The Nature of Prejudice

The Nature of Prejudice

The Nature of Prejudice

The Nature of Prejudice

Synopsis

With profound insight into the complexities of the human experience, Harvard psychologist Gordon Allport organized a mass of research to produce a landmark study on the roots and nature of prejudice. First published in 1954, The Nature of Prejudice remains the standard work on discrimination. Now this classic study is offered in a special unabridged edition with a new introduction by Kenneth Clark of Columbia University and a new preface by Thomas Pettigrew of Harvard University. Allport's comprehensive and penetrating work examines all aspects of this age-old problem: its roots in individual and social psychology, its varieties of expression, its impact on the individuals and communities. He explores all kinds of prejudice-racial, religious, ethnic, economic and sexual-and offers suggestions for reducing the devastating effects of discrimination. The additional material by Clark and Pettigrew updates the social-psychological research in prejudice and attests to the enduring values of Allport's original theories and insights.

Excerpt

As one who was fortunate enough to know Gordon Allport not only as one of America's preeminent social psychologists, but also as a warm and compassionate friend, it is not easy for me to discuss his legacy in The Nature of Prejudice in isolation from his other contributions to social-psychological theory, research, and insights. And certainly one cannot understand Gordon Allport the social psychologist without understanding him as a social philosopher and as an empathic and warm human being.

Gordon Allport revealed a great deal about himself as a human being in the first edition of The Nature of Prejudice, published in 1954. But the clues to the quality of this person who dared to discuss the emotionally laden problem—the pathos and dilemmas of human prejudices—from the perspective of a social scientist are found as early as 1937. In the first edition of his classic book Personality: A Psychological Interpretation,Allport revealed much of himself in his discussion of the mature personality. In describing the attributes of a truly mature personality— the extension of the self; self-objectification, insight, and humor; and the unifying philosophy of life—Allport was inadvertently quite accurately describing himself, as those of us who know him could detect. His rather balanced reserve, his ego control, would make it difficult, if not unthinkable, to discuss this point with him. Nonetheless, he remains an outstanding example of the fact that a unifying philosophy of life dominated by human values permeated all aspects of and gave meaning to his life and work.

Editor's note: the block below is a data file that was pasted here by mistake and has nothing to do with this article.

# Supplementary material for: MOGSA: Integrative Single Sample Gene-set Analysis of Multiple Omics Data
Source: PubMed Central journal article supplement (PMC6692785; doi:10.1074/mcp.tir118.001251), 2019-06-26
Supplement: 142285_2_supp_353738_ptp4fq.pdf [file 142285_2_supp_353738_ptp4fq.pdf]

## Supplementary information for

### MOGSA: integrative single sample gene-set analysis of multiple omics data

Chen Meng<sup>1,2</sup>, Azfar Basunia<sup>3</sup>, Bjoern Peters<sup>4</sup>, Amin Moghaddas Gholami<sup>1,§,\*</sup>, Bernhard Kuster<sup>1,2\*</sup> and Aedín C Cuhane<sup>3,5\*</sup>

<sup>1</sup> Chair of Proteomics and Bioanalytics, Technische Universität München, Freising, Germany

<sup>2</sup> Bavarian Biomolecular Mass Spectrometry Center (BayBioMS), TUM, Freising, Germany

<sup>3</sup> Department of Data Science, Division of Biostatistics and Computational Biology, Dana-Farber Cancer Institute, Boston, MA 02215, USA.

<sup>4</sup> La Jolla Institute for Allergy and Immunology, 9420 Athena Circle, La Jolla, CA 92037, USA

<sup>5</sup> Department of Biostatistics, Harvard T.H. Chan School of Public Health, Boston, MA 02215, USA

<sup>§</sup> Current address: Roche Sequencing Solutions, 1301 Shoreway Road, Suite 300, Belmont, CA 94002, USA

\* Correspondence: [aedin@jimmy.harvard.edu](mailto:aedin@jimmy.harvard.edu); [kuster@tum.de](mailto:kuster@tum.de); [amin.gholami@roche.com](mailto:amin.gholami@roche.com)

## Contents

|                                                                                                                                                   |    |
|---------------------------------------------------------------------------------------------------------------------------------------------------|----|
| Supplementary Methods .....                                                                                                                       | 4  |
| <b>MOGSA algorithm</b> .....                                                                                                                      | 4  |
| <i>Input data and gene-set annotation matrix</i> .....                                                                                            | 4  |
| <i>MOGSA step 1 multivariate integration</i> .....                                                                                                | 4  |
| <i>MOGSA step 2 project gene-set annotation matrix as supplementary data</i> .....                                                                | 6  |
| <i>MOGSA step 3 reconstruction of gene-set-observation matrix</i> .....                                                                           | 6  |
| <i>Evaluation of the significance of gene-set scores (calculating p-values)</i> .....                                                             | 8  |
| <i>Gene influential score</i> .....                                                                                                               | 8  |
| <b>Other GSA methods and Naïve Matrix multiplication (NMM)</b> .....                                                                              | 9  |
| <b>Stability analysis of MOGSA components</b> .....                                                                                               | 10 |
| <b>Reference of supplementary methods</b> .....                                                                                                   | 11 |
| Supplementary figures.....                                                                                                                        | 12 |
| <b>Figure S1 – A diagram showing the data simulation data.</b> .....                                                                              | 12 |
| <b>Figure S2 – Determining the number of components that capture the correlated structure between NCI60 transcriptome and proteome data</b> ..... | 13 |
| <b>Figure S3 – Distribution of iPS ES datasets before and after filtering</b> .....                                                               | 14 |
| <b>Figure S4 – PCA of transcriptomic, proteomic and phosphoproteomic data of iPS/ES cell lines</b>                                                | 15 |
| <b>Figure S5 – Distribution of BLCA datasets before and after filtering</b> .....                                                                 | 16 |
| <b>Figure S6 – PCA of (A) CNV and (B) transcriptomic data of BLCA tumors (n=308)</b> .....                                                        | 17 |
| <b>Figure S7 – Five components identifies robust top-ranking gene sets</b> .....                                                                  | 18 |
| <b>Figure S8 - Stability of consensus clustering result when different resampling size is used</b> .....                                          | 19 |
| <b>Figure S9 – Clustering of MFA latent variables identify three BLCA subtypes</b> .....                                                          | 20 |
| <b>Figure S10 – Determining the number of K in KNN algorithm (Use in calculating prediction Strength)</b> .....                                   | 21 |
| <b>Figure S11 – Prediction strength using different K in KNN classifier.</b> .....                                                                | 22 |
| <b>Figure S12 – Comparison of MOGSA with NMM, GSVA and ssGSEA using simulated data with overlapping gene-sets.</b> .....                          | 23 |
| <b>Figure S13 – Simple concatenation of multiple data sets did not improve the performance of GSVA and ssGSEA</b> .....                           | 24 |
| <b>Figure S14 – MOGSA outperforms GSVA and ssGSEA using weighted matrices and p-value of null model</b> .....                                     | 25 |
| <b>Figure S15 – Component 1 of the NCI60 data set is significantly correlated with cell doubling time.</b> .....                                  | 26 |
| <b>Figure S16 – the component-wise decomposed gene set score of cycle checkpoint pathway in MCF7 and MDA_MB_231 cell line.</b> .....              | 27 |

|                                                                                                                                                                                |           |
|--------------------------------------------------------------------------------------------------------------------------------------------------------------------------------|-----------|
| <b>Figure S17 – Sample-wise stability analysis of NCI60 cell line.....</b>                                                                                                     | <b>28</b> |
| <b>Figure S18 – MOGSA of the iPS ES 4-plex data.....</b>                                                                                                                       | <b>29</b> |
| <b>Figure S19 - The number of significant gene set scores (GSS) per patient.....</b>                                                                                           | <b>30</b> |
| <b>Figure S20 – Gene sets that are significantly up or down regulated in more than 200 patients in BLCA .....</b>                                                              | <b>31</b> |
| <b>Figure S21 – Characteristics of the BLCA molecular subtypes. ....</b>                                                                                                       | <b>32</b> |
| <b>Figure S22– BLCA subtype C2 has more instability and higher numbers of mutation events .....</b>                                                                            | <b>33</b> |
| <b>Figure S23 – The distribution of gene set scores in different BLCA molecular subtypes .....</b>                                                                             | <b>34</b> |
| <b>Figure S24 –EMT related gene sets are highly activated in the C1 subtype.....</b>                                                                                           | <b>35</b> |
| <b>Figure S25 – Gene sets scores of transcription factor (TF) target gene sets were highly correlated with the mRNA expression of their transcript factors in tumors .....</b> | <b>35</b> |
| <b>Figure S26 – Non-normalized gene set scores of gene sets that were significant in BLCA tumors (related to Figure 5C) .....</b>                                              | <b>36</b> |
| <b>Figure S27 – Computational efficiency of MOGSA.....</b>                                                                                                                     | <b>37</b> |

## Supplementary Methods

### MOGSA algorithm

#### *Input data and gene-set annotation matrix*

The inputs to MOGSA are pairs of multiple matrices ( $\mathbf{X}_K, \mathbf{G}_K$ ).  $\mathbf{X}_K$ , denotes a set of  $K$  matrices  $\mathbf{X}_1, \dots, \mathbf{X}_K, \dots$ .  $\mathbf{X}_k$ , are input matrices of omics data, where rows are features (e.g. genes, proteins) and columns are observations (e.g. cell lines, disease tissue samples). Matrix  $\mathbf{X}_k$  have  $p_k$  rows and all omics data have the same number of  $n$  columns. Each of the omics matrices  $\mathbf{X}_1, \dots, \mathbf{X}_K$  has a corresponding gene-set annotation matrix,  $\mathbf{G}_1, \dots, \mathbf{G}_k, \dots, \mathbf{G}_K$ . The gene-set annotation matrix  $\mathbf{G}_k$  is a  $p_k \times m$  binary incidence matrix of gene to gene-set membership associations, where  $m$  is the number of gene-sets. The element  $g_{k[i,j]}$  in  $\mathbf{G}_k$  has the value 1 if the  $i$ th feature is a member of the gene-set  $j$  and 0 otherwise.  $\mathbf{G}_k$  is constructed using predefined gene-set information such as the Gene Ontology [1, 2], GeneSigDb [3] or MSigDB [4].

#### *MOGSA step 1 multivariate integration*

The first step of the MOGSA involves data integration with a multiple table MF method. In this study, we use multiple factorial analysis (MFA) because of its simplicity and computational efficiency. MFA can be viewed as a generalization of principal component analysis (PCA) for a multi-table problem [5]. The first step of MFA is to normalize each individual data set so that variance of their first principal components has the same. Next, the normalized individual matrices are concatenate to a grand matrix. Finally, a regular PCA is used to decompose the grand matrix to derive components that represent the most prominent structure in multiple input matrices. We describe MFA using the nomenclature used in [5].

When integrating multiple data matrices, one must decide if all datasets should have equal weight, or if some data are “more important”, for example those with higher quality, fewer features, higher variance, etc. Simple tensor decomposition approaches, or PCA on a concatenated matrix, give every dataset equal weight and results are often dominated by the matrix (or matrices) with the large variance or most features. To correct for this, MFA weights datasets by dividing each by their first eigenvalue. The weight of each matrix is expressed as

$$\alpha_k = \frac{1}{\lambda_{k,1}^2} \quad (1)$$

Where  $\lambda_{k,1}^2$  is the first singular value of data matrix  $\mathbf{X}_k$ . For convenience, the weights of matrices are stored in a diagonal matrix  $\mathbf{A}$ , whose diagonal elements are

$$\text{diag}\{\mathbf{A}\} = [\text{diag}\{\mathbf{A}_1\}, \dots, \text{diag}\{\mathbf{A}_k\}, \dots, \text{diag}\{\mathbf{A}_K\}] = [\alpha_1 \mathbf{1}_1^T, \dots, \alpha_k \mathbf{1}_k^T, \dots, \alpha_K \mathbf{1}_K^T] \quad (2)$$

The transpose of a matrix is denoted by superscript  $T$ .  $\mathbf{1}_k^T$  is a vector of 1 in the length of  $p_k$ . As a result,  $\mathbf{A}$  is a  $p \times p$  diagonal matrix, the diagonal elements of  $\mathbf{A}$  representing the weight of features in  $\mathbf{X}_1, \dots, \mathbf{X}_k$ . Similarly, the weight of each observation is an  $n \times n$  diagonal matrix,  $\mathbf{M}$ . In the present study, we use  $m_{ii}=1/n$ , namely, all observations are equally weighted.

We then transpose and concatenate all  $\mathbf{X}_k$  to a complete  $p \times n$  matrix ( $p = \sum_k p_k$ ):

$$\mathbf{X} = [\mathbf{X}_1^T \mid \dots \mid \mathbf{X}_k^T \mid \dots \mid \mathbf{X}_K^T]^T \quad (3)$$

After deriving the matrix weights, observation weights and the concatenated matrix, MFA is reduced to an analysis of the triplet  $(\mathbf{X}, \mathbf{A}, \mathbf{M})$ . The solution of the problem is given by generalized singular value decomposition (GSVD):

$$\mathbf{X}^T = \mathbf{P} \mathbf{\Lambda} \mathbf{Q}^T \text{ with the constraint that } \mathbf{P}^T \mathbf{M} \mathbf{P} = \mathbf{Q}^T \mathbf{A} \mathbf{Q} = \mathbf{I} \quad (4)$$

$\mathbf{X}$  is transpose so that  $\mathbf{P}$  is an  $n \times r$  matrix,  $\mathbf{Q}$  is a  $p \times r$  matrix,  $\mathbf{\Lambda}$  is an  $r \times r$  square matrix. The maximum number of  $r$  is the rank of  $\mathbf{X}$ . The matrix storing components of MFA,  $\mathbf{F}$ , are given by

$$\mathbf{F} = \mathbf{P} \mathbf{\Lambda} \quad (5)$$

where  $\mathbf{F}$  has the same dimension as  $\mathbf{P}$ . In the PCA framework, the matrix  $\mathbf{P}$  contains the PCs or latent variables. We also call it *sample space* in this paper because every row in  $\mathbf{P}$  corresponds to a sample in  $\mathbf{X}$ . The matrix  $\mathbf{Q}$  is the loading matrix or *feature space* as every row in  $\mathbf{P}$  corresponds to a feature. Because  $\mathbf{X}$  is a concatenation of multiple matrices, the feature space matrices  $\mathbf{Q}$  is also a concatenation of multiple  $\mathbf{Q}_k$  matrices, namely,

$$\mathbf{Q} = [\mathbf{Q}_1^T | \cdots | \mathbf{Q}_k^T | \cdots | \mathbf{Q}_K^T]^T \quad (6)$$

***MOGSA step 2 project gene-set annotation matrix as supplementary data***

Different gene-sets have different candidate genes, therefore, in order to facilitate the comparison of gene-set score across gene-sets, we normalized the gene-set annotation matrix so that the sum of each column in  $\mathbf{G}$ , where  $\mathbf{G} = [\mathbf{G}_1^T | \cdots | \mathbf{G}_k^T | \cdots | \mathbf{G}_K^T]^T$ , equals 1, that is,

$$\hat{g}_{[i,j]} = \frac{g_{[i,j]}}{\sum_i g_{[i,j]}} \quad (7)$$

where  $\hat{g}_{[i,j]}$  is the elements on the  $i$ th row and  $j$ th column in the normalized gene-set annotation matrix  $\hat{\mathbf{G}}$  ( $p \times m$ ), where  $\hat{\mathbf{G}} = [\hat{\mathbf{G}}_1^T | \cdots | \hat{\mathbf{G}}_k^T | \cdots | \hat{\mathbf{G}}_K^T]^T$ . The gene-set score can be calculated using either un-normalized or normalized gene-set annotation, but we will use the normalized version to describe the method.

As is generally recognized, The Nature of Prejudice is a classic. Its table of contents establishes the parameters for a scholarly social science approach to the discussion and understanding of this complex human problem. Although changes in emphasis on particular aspects and dimensions of the dynamics and control of racial prejudices have been brought about by social, legal, and political activities within the past 25 years, the basic outline for the understanding of this overall problem remains essentially the same as presented by Allport.

What is not generally recognized or sufficiently stated for the audience of younger students of social problems is that in The Nature of Prejudice and in his other contributions, Allport, like Gunnar Myrdal, remains an outstanding model of a major social scientist who was not at all apologetic in his insistence that social . . .

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